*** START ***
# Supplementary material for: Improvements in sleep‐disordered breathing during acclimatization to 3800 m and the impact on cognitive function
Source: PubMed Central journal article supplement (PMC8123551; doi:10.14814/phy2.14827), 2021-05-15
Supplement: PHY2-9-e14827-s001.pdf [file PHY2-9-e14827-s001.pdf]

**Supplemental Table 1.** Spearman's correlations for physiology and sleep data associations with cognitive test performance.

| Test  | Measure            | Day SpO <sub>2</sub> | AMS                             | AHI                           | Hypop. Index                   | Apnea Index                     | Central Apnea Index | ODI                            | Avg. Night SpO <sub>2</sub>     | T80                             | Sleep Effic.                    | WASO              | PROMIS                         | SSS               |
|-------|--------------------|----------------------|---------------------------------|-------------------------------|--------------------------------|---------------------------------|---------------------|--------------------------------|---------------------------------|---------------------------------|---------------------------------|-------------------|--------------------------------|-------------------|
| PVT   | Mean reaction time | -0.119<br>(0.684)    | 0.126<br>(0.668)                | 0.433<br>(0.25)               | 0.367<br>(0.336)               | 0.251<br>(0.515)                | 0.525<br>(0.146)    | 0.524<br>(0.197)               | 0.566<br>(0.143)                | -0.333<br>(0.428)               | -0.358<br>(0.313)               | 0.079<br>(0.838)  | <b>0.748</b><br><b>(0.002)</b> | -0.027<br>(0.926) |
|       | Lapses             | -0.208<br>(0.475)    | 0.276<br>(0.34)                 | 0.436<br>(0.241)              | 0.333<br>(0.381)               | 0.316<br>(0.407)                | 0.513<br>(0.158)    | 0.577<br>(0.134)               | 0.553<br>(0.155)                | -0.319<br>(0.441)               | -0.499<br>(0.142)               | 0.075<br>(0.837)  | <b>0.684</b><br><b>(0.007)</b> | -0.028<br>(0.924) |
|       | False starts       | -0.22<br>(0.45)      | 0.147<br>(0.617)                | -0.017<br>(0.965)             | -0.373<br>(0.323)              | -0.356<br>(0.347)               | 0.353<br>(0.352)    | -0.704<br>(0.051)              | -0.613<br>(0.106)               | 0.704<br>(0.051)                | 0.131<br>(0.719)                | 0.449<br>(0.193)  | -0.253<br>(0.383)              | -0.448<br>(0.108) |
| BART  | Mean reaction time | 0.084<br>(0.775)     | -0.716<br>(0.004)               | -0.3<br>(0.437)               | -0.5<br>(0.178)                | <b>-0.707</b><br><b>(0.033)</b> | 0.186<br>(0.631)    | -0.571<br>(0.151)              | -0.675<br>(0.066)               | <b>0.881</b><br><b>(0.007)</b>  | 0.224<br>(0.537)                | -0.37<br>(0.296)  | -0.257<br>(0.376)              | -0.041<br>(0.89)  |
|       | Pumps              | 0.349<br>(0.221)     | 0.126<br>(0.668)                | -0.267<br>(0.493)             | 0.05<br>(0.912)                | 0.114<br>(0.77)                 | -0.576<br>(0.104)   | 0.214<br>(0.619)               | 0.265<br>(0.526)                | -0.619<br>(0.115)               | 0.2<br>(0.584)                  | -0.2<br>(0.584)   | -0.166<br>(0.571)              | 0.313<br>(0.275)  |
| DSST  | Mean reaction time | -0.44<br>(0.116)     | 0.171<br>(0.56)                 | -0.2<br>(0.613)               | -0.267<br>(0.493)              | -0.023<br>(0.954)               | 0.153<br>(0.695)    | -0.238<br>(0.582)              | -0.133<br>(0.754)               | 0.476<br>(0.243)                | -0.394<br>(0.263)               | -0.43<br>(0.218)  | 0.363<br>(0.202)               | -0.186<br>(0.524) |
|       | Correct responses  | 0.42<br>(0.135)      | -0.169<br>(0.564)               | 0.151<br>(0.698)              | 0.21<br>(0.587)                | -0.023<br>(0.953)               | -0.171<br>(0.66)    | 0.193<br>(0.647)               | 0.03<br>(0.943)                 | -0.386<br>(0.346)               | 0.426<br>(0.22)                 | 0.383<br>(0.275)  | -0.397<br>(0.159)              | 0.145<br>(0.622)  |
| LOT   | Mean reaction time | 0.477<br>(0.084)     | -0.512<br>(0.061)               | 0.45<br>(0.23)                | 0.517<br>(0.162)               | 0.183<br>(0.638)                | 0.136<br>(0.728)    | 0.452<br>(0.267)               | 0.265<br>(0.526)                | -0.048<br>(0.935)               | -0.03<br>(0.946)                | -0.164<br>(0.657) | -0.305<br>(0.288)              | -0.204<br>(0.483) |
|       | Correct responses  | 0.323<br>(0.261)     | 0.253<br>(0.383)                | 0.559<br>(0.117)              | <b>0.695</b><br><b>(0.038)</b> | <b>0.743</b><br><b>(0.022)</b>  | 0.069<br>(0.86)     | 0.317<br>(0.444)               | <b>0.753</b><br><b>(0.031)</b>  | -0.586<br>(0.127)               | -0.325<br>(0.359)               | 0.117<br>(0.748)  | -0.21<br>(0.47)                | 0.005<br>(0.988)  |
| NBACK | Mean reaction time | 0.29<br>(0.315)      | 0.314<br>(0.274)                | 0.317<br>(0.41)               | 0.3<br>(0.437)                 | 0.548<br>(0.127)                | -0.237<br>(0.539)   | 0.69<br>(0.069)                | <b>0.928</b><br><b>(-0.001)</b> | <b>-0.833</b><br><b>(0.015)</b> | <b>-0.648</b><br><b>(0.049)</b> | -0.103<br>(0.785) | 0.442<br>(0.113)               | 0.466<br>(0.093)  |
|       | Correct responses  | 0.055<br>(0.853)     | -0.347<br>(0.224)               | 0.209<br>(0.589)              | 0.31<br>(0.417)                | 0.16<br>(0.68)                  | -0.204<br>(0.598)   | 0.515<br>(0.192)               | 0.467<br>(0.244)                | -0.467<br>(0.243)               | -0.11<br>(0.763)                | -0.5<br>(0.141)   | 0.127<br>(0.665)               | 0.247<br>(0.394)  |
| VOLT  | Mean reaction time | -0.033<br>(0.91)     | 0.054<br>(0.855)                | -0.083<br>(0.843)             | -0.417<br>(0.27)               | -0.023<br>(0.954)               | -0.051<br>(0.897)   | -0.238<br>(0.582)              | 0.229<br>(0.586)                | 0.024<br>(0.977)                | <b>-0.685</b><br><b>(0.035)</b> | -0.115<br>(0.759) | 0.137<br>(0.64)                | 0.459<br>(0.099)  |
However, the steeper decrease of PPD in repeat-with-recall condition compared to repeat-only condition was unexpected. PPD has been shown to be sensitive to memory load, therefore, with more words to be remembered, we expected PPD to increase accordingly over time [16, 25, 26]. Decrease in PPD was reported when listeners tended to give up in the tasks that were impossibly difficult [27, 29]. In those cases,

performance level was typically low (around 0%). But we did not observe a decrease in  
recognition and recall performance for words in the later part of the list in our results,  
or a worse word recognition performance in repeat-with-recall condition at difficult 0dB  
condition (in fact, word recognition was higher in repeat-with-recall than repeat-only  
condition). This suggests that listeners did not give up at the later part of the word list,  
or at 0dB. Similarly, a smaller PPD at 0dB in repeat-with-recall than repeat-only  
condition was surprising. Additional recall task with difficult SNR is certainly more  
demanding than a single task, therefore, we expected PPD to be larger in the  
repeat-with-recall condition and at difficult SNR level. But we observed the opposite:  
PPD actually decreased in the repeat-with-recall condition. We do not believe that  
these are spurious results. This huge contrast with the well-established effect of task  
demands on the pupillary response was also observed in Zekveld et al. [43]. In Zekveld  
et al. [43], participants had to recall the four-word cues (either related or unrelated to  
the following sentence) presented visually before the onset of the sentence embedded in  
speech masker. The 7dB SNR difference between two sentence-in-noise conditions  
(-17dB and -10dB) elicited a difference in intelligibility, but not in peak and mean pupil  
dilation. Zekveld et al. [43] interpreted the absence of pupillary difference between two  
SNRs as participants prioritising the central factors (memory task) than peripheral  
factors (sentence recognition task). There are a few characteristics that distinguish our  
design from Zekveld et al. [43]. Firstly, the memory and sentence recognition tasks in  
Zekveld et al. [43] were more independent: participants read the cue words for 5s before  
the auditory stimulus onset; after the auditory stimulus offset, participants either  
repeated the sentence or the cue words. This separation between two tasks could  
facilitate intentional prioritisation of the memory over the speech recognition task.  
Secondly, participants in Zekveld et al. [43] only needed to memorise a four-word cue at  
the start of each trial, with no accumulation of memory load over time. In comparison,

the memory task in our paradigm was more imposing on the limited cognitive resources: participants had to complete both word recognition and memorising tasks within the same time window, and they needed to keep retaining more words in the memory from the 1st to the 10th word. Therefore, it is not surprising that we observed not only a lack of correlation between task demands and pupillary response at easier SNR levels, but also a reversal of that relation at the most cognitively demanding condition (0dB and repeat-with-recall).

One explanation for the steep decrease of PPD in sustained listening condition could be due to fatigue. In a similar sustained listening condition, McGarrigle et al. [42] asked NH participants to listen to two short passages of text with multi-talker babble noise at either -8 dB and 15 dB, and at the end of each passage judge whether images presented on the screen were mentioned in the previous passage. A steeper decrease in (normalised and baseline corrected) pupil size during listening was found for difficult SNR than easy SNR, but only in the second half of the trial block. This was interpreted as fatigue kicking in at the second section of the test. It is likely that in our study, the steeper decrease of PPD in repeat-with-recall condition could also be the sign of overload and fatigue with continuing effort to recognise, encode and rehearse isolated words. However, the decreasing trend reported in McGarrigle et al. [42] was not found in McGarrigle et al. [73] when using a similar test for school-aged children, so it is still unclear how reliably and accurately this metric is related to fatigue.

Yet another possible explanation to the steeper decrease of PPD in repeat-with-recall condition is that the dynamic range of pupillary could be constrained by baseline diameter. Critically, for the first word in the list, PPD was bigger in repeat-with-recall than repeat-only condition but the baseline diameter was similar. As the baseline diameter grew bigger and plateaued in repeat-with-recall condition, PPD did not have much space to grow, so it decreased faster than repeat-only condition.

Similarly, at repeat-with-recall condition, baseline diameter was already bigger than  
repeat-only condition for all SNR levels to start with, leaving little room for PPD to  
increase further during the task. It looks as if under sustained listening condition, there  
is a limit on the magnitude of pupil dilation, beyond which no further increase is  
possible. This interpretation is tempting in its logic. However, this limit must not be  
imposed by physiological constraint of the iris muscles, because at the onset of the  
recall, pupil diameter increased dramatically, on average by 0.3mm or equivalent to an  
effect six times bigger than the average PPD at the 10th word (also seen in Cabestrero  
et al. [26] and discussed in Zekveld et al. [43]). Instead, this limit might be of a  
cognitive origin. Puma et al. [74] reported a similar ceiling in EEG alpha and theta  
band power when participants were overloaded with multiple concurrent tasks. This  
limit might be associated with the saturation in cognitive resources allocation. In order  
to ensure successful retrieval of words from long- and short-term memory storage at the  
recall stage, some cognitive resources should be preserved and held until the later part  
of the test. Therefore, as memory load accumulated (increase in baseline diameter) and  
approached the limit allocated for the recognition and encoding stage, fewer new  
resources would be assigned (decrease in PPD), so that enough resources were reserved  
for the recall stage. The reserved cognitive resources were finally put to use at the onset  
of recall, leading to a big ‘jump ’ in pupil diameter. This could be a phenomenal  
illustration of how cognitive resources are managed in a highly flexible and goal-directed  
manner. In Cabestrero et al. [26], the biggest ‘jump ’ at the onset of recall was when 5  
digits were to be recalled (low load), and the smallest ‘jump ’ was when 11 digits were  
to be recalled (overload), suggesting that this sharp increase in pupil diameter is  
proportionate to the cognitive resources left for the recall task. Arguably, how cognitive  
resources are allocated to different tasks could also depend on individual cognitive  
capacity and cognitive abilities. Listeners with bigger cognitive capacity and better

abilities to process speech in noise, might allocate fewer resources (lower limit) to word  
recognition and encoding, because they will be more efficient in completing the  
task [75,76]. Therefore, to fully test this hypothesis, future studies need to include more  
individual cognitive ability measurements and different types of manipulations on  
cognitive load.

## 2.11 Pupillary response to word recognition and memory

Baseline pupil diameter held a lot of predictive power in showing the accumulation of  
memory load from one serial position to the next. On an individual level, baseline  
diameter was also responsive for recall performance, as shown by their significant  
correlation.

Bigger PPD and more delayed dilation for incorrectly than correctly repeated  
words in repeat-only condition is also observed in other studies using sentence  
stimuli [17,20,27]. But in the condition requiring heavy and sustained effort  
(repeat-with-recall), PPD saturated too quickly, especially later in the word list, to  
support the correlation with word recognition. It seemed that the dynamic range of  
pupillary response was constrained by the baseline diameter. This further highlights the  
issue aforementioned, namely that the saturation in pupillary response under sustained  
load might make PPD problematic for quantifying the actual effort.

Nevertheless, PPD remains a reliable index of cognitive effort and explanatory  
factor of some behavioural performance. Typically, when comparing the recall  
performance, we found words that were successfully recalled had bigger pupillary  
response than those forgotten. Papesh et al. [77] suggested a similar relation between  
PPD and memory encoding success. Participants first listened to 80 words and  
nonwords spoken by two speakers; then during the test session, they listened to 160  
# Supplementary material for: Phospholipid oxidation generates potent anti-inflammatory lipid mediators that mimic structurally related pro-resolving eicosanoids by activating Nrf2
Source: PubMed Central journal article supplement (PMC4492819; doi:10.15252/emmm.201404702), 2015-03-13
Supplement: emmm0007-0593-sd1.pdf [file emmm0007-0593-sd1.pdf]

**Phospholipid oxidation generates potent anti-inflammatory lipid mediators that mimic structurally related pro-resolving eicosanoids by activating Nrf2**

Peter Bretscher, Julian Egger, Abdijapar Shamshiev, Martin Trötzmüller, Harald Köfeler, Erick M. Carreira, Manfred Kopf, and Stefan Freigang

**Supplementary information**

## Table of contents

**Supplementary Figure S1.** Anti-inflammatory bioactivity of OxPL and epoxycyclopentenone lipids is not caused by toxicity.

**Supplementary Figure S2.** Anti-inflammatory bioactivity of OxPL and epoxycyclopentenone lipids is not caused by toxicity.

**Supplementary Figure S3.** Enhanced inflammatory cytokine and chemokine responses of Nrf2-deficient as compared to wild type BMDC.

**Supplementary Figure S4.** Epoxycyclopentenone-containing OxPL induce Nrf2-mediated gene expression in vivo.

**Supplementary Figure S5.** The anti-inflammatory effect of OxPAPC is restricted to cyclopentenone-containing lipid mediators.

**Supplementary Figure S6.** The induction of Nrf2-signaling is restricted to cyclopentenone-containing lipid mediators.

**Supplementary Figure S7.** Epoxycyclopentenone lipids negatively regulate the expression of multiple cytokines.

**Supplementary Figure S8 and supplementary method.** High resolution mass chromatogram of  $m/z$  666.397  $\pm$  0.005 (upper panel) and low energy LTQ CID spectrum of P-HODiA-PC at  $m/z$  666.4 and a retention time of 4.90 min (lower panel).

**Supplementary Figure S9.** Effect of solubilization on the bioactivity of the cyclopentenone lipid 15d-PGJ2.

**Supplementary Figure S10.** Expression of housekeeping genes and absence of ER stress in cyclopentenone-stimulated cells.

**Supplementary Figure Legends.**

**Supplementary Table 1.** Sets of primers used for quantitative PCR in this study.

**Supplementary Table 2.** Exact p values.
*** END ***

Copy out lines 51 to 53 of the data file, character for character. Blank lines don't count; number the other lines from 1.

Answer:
increase further during the task. It looks as if under sustained listening condition, there  
is a limit on the magnitude of pupil dilation, beyond which no further increase is  
possible. This interpretation is tempting in its logic. However, this limit must not be  